The goal of apt.dat is to make a visually pleasing general rendering of airport data. DSF overlays provide a modeling facility.
It turns out there are two things the apt.dat file “does” with the rendering engine that you can’t do in an overlay DSF:
The apt.dat file registers runways in the airport dialog box (for starting flights, positioning the airplane, etc.).
When the apt.dat reader places OBJs to form approach lights, it can offset their “timing base”, which is why the rabbit flashes in sequence.
(If you were to place a sequence of approach lights with rabbits in an overlay, every single light would flash at the same time because the DSF overlay format does not have a way to adjust the object’s internal timing parameter.)
The solution: the transparent runway. The idea of the transparent runway is to create with the apt.dat file the two aspects of a runway that you can’t build with a DSF overlay: the approach lights and the entry in the global airport dialog box. Transparent runways leave the drawing and surface up to you.
My thinking at the time was that the actual runway visuals and physics would be implemented together via either draped polygons or a hard OBJ.
Orthophotos and Bumps
So why do authors want a transparent but hard runway? The answer is orthophotos. With paged orthophotos, it is now possible to simply put down orthophotos for the entire airport surface area (whether as overlays or a base mesh) at some high resolution (our runways are 10 cm per pixel – I’m not sure if the whole airport area can be done at that resolution) and not have any special overlays for the runways. The transparent + hard runway would change the surface type.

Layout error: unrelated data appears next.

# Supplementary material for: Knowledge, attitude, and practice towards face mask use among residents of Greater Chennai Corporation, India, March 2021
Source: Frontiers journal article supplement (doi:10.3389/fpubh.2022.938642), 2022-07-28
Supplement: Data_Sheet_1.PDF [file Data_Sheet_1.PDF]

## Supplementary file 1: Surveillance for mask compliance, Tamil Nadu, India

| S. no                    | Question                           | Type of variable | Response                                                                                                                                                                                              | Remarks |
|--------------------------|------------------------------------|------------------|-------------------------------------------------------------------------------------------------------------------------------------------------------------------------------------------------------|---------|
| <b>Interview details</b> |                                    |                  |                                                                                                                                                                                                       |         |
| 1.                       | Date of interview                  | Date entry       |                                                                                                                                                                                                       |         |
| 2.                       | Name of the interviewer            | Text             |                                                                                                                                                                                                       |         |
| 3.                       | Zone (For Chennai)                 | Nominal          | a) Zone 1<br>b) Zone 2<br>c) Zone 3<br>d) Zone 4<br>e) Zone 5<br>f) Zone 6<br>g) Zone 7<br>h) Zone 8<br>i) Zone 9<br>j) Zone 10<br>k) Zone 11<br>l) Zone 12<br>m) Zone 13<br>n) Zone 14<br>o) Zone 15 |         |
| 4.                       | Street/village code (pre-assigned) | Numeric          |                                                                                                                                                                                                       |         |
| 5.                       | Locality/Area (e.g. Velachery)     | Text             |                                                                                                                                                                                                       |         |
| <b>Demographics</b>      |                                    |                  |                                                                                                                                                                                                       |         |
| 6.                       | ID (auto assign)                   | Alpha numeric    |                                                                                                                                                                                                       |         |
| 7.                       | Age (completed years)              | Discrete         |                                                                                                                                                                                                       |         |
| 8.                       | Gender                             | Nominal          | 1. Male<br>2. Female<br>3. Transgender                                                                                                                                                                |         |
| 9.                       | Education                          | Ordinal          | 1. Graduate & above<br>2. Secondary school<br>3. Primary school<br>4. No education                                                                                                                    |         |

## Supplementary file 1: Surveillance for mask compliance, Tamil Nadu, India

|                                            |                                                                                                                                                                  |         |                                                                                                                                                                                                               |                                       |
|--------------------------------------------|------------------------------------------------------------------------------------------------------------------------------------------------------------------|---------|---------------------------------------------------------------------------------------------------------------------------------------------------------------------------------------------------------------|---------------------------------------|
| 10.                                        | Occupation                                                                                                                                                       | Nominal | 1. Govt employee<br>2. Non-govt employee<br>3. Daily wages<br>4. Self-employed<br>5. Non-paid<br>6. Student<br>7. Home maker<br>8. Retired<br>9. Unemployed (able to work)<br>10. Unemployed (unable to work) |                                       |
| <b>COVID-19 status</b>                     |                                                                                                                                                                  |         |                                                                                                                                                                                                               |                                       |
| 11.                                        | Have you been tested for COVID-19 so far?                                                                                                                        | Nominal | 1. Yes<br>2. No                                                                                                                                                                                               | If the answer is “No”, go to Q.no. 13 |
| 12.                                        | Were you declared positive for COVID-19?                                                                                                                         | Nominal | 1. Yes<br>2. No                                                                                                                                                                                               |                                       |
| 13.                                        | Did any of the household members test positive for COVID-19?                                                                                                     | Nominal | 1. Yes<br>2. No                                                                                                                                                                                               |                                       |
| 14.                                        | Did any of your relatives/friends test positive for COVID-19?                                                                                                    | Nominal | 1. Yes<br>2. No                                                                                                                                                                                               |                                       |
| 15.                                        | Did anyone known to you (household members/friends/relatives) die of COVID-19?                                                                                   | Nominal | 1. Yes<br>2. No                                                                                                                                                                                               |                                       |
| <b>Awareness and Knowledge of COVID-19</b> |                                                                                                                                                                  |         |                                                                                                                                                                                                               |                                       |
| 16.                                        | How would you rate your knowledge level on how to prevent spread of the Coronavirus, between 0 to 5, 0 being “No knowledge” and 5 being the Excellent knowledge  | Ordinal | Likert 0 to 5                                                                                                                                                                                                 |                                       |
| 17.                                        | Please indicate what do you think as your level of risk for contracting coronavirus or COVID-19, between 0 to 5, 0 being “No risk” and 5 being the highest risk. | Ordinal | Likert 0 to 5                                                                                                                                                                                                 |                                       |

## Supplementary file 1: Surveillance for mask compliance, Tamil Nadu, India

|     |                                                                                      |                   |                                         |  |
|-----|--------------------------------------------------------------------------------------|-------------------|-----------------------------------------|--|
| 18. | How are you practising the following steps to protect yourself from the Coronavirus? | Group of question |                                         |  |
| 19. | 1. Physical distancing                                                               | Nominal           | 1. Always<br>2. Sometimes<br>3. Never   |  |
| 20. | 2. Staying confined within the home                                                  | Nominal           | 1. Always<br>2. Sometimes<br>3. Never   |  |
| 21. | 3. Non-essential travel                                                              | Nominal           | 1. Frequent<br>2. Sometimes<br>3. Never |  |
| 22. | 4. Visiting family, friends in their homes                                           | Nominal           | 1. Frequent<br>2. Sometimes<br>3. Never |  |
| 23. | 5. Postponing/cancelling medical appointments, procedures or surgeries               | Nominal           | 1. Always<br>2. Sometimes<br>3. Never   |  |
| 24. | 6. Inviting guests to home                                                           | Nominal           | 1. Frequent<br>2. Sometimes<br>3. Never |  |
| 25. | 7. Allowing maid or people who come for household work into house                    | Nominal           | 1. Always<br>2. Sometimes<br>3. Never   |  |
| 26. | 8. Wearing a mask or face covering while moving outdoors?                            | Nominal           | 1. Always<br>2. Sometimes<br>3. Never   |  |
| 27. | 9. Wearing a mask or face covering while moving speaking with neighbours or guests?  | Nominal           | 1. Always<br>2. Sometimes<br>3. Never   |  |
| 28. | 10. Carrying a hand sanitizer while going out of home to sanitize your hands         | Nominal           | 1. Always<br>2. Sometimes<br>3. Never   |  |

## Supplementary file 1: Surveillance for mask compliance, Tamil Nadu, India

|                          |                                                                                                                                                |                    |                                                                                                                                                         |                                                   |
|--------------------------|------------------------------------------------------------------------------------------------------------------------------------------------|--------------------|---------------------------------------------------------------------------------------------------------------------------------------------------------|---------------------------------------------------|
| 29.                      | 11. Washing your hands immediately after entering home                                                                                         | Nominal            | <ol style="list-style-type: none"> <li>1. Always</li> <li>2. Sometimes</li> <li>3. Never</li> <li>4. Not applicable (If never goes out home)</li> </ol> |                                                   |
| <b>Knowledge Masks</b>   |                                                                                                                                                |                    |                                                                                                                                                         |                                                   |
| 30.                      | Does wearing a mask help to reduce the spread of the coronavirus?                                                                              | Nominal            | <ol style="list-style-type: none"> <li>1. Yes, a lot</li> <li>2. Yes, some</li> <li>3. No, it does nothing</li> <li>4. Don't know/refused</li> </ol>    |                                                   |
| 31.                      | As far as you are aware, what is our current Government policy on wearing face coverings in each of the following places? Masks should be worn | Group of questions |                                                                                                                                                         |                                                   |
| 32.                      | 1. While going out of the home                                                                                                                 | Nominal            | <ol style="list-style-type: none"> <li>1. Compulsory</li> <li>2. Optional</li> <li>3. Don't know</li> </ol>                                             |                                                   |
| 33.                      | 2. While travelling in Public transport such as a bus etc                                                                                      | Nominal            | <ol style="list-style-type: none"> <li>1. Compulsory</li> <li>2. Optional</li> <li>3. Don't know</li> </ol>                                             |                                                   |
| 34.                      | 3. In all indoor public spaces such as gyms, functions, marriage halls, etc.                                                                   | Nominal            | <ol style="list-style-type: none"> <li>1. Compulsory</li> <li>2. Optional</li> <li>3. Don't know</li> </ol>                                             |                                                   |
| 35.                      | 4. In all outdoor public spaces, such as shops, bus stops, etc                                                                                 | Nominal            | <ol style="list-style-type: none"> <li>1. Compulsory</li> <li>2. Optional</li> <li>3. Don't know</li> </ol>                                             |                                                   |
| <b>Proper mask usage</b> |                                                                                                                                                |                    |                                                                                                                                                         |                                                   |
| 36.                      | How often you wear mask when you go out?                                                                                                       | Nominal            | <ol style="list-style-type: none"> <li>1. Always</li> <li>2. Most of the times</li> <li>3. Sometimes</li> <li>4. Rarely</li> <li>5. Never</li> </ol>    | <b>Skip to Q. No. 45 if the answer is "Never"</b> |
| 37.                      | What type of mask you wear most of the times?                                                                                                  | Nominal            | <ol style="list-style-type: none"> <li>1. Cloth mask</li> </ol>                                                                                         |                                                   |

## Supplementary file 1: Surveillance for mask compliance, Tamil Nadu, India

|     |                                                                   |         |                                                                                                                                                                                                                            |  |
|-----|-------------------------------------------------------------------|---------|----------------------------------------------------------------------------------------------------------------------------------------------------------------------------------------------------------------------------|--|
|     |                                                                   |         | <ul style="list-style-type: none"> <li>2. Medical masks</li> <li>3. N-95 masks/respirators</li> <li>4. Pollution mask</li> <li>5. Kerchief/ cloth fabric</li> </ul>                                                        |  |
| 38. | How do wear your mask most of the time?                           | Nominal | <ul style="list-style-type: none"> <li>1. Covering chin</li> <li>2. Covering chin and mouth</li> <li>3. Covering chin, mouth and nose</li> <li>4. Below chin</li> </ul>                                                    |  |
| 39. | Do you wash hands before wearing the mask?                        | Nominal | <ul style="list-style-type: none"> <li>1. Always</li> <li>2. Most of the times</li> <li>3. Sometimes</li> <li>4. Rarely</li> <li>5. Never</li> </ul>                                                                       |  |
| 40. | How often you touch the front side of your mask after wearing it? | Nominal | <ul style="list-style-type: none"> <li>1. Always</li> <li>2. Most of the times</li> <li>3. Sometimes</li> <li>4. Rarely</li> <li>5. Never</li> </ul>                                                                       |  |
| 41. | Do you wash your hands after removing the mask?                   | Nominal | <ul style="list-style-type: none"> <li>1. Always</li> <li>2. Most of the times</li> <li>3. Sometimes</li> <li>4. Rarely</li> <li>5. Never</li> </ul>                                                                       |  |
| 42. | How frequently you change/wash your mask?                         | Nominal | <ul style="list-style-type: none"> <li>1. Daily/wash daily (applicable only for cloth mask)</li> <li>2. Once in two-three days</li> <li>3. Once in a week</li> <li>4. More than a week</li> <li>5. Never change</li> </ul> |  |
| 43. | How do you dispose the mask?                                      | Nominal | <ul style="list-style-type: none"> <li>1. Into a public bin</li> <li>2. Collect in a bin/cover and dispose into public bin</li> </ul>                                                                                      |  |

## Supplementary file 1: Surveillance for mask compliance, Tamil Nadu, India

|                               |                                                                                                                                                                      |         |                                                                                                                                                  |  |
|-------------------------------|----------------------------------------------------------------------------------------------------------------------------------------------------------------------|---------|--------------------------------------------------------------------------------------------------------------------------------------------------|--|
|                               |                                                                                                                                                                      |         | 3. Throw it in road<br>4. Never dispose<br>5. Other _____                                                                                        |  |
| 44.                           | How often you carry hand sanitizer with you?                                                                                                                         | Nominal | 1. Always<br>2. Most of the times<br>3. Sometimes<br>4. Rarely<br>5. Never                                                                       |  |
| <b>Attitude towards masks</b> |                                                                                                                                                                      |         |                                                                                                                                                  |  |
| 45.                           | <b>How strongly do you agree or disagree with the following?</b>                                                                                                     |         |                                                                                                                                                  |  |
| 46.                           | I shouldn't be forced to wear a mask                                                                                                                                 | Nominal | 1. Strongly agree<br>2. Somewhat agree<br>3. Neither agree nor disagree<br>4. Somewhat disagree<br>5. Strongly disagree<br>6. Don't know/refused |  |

I’m not sure if this is a good idea, but I’m pretty sure that this feature belongs in overlay DSFs and not the apt.dat file.
- Such a technique (varying hard surfaces independent of a larger image) is useful for more than just airports (and certainly more than just runways).
- The technique is unnecessary unless a DSF overlay is in use.
- Unlike nearly all of the rest of the apt.dat file, such an abstraction (invisible but bumpy) is much more a modeling technique and less a description of a real world runway.
I’m not sure we would even want the runway outline to be the source of hard data. If there are significant paved areas outside the runway then a few larger hard surface polygons might be more useful.
I’m not sure if these will make it into X-Plane 9.30 (we’re trying to close down features, but it doesn’t do much good to hold off features that help people make airplanes) but…while I was in Italy I created a few more manipulator types.
The set of manipulators let you change the value of a dataref directly with a mouse-click – the various flavors control how the dataref is changed.
These manipulators are the natural corollary to the command manipulator, which runs a command on a click.